A plane moves so that its distance from the origin is a constant $p$. Write down the equation of the locus of the centroid of the triangle formed by its intersection with the three coordinates plane.

I was thinking about this question many times, but i could not get any hint to find the locus of the centroid of the triangle . But i know that how to find the centroid of triangle we have to add (x+y+z/3,X+Y+Z/3), i don't know the locus of the centroid of the triangle.

if anbody help me i would be very thankful to him

  • $\begingroup$ So the plane is always tangent to the sphere? $\endgroup$ – Michael Hoppe Aug 9 '17 at 5:53

The equation of a variable plane in intercept form is $$\frac xa+\frac yb+ \frac zc=1$$

Here, $a,b$ and $c$ are intercept on $x,y$ and $z$ axes.

Given, it's distance from origin is constant $$\frac{\Big|\Big(\frac xa+\frac yb+ \frac zc-1\Big)_{x=y=z=0}\Big|}{\sqrt{\frac {1}{a^2}+\frac {1}{b^2}+\frac {1}{c^2}}}=p(\text{constant})$$

And centroid of triangle $$(x,y,z)=\left(\frac a3,\frac b3,\frac c3\right)$$

Therefore you get $$\frac{1}{p^2}=\frac {1}{a^2}+\frac {1}{b^2}+\frac {1}{c^2}$$

Also, $a=3x,b=3y$ and $c=3z$

$$\implies \frac{1}{p^2}=\frac {1}{9x^2}+\frac {1}{9y^2}+\frac {1}{9z^2}$$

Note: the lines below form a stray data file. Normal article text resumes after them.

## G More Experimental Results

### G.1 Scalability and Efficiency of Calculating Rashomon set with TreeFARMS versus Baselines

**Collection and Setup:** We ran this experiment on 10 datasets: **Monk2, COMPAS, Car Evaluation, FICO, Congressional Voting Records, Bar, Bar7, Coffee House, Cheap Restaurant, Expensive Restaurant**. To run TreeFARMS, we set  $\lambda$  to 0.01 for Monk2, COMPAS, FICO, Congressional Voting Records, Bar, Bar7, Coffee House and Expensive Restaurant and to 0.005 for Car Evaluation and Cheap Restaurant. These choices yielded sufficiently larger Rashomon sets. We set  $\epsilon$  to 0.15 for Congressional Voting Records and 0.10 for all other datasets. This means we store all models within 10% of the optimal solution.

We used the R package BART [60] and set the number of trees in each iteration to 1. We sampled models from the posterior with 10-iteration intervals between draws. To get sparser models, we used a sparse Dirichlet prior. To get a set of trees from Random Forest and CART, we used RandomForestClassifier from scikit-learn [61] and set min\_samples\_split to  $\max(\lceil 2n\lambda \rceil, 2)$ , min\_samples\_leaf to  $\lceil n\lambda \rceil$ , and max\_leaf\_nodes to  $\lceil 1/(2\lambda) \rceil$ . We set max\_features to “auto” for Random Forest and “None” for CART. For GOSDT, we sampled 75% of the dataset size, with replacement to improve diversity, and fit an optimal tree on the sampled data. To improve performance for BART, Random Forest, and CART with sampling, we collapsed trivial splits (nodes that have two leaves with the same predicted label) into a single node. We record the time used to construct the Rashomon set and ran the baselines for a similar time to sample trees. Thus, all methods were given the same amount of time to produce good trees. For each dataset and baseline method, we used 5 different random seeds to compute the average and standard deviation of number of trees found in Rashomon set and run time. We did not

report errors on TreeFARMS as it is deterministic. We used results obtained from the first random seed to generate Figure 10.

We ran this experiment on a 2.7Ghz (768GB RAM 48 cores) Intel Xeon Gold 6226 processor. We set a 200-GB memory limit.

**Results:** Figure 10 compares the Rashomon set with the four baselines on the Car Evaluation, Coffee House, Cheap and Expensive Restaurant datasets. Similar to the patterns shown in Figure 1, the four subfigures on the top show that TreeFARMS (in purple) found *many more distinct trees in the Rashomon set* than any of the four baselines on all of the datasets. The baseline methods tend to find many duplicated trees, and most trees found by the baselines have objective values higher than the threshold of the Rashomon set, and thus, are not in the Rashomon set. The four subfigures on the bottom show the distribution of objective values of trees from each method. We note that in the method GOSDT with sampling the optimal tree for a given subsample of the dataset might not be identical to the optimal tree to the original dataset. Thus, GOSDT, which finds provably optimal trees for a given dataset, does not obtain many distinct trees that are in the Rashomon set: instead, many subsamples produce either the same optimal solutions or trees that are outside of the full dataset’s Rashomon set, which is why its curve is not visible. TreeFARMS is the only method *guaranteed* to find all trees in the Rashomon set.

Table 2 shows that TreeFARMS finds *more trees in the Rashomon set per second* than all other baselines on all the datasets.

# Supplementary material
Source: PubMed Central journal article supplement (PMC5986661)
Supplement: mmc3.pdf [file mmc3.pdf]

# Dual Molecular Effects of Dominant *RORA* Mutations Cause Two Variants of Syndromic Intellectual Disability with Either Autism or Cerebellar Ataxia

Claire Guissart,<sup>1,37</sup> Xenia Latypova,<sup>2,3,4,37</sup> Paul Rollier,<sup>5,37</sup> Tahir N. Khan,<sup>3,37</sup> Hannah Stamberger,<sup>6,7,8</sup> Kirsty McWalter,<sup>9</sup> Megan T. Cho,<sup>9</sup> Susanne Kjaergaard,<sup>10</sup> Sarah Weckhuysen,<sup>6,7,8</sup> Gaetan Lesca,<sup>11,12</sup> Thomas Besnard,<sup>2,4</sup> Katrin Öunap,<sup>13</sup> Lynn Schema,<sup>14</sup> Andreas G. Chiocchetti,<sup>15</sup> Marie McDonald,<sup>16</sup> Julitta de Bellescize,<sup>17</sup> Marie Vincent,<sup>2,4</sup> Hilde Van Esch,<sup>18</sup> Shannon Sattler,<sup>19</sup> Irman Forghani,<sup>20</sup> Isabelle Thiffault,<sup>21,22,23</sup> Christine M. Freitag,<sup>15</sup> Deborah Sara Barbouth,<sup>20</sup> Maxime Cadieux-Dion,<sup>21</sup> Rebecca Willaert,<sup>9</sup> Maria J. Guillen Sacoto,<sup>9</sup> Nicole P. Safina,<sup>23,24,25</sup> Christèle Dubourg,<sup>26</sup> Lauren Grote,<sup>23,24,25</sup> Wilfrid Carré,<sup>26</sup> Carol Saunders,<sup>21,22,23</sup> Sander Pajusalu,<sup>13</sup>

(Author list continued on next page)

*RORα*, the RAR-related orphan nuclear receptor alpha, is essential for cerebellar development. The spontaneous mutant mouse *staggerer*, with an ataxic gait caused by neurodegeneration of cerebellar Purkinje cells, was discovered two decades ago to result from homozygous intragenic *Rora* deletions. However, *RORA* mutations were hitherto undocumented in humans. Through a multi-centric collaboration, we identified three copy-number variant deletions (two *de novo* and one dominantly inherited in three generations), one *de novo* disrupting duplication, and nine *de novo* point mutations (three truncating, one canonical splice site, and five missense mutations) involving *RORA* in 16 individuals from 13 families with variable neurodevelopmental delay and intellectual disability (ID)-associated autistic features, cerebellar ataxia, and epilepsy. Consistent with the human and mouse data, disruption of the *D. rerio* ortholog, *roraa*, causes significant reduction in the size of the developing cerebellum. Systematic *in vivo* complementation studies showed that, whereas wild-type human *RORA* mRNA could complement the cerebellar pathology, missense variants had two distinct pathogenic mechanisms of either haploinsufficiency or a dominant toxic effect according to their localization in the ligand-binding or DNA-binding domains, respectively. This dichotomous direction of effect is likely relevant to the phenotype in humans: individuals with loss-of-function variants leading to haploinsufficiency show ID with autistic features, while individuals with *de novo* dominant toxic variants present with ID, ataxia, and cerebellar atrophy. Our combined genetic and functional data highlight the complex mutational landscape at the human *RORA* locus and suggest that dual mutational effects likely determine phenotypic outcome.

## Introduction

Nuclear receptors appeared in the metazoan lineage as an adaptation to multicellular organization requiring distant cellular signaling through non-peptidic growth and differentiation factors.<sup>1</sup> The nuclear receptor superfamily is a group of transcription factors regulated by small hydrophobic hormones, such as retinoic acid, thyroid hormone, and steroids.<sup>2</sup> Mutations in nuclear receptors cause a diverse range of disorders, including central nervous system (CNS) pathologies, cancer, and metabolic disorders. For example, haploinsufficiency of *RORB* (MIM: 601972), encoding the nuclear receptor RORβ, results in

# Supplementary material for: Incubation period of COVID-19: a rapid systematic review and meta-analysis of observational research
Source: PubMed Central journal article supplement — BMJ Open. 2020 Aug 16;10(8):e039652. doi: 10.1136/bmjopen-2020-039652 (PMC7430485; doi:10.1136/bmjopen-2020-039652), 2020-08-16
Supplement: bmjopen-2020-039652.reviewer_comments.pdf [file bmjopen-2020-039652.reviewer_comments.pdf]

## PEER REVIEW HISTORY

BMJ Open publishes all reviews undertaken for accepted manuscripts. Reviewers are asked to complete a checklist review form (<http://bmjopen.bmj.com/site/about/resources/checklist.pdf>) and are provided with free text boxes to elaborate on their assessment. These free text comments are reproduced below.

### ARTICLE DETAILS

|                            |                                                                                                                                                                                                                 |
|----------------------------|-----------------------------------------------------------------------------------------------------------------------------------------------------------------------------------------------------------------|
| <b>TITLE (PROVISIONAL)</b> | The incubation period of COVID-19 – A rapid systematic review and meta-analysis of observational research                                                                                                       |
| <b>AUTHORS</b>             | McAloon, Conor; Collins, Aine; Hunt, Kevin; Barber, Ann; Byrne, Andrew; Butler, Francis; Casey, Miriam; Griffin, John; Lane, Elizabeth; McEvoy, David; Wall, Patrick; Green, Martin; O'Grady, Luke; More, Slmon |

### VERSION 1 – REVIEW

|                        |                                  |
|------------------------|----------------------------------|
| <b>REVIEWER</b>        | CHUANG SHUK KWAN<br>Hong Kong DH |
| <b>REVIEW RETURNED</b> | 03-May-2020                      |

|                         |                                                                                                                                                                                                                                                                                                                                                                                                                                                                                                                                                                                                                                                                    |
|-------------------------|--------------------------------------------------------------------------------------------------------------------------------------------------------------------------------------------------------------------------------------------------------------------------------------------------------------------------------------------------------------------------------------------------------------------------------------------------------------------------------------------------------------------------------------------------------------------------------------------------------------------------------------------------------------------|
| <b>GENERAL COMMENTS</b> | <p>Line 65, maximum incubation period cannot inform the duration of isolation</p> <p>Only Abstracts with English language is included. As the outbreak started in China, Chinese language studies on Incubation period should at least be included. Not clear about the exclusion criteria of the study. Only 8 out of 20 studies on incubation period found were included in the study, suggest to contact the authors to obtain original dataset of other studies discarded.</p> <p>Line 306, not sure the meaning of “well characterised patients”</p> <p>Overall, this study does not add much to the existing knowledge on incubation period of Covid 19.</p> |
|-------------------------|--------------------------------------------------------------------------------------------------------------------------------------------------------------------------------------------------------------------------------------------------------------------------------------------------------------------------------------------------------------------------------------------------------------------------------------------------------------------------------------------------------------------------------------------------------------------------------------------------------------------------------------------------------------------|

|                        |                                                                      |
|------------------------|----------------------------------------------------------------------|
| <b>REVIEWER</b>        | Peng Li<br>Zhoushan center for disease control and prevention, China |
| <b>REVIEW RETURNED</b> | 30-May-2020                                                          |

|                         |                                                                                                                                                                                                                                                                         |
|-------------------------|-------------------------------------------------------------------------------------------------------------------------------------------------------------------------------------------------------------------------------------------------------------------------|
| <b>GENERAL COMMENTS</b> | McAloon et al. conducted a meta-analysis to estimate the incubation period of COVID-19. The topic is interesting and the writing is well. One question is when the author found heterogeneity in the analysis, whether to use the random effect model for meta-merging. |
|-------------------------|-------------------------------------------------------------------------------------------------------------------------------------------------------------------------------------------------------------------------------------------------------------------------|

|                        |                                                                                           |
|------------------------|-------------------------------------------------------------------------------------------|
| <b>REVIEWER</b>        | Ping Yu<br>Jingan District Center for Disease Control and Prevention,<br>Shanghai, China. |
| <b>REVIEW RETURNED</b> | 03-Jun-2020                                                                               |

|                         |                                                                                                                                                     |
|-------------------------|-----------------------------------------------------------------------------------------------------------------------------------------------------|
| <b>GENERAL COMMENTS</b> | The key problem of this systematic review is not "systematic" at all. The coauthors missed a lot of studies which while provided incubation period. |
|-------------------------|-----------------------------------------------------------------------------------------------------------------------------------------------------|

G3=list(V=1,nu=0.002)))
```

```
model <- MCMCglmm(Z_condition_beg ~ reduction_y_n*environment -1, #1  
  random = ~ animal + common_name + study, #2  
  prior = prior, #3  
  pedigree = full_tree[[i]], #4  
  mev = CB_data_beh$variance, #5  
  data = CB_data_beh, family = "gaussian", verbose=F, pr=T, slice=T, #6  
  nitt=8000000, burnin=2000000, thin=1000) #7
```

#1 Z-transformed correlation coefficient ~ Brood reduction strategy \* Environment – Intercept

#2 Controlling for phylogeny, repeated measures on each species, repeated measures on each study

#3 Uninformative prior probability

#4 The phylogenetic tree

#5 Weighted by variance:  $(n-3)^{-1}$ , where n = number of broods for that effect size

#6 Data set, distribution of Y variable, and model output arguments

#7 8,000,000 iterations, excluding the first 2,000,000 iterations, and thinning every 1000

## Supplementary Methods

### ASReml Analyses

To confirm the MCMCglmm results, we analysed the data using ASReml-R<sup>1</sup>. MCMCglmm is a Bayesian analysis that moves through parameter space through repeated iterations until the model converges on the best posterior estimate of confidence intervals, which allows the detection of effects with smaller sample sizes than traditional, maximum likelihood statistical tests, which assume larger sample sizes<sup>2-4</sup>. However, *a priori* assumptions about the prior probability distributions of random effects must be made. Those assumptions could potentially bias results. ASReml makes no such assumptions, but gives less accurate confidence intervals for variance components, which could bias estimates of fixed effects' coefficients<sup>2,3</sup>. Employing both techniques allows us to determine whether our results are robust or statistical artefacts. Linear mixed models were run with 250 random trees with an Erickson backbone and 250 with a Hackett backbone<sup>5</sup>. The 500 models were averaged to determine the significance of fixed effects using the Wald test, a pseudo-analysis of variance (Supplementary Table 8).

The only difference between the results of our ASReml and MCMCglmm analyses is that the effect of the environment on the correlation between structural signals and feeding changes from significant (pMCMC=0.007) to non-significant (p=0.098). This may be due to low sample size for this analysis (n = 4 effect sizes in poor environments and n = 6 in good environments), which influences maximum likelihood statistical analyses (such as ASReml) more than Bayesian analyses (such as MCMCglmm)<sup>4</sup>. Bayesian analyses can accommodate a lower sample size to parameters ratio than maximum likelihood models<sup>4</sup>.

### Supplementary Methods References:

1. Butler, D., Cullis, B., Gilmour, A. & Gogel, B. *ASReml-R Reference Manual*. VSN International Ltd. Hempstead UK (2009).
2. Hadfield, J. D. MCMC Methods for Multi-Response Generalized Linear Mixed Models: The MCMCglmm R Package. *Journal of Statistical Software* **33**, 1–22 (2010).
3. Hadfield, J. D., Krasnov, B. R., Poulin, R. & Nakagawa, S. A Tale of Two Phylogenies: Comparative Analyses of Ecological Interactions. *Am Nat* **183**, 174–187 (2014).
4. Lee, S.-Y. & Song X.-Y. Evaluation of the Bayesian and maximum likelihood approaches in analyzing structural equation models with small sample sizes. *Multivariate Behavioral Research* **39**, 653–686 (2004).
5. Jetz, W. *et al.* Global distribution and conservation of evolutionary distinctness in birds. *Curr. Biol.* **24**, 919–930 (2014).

Hence the desired locus is : $$\color{blue}{\frac {1}{x^2}+\frac {1}{y^2}+\frac {1}{z^2}=\frac{9}{p^2}}$$

  • $\begingroup$ thanks a lot@ jaideep khare,, but i don't know where i haveto put this centroid coordinates and make a equation $\endgroup$ – lomber Aug 9 '17 at 5:57
  • $\begingroup$ What about the plane $z=p$? $\endgroup$ – Michael Hoppe Aug 9 '17 at 5:57
  • $\begingroup$ @MichaelHoppe I don't understand what you want to say. $\endgroup$ – Jaideep stands with Monica Aug 9 '17 at 6:00
  • $\begingroup$ @lomberlego Check my edit. $\endgroup$ – Jaideep stands with Monica Aug 9 '17 at 6:00
  • $\begingroup$ The plane given by $z=p$ doesn't have an $x$- or a $y$-intercept. $\endgroup$ – Michael Hoppe Aug 9 '17 at 6:01

Let $ac+by+cz+d=0$ be an equation of the plain.

Thus, $abc\neq0$ and $$\frac{|d|}{\sqrt{a^2+b^2+c^2}}=p,$$ which gives $$|d|=p\sqrt{a^2+b^2+c^2}.$$

Let $A\left(\frac{-d}{a},0,0\right)$, $B\left(0,-\frac{d}{b},0\right)$ and $C\left(0,0,-\frac{d}{c}\right)$ and for the centroid $M$ we obtain $$M\left(\frac{-d}{3a},\frac{-d}{3b},\frac{-d}{3c}\right),$$ which gives $$\frac{1}{x^2}+\frac{1}{y^2}+\frac{1}{z^2}=\frac{9(a^2+b^2+c^2)}{d^2}=\frac{9}{p^2}$$

  • $\begingroup$ thanks a lots @ michael Rozenberg $\endgroup$ – lomber Aug 9 '17 at 13:18
  • $\begingroup$ @lomber lego You are welcome! $\endgroup$ – Michael Rozenberg Aug 9 '17 at 14:26

Let $\vec s$ be a vector of length $p$. Then the plane's equation is $\langle\vec s,\vec x\rangle=p^2$. Provided that no coordinate of $\vec s$ is zero, the intercepts are obviously $$\frac{p^2}{s_k}\vec e_k\quad\text{for $k=1,2,3$}$$ where $\vec e_k$ denote the $k^\text{th}$ unit vector.

The result may be easily generalized to arbitrary dimensions.


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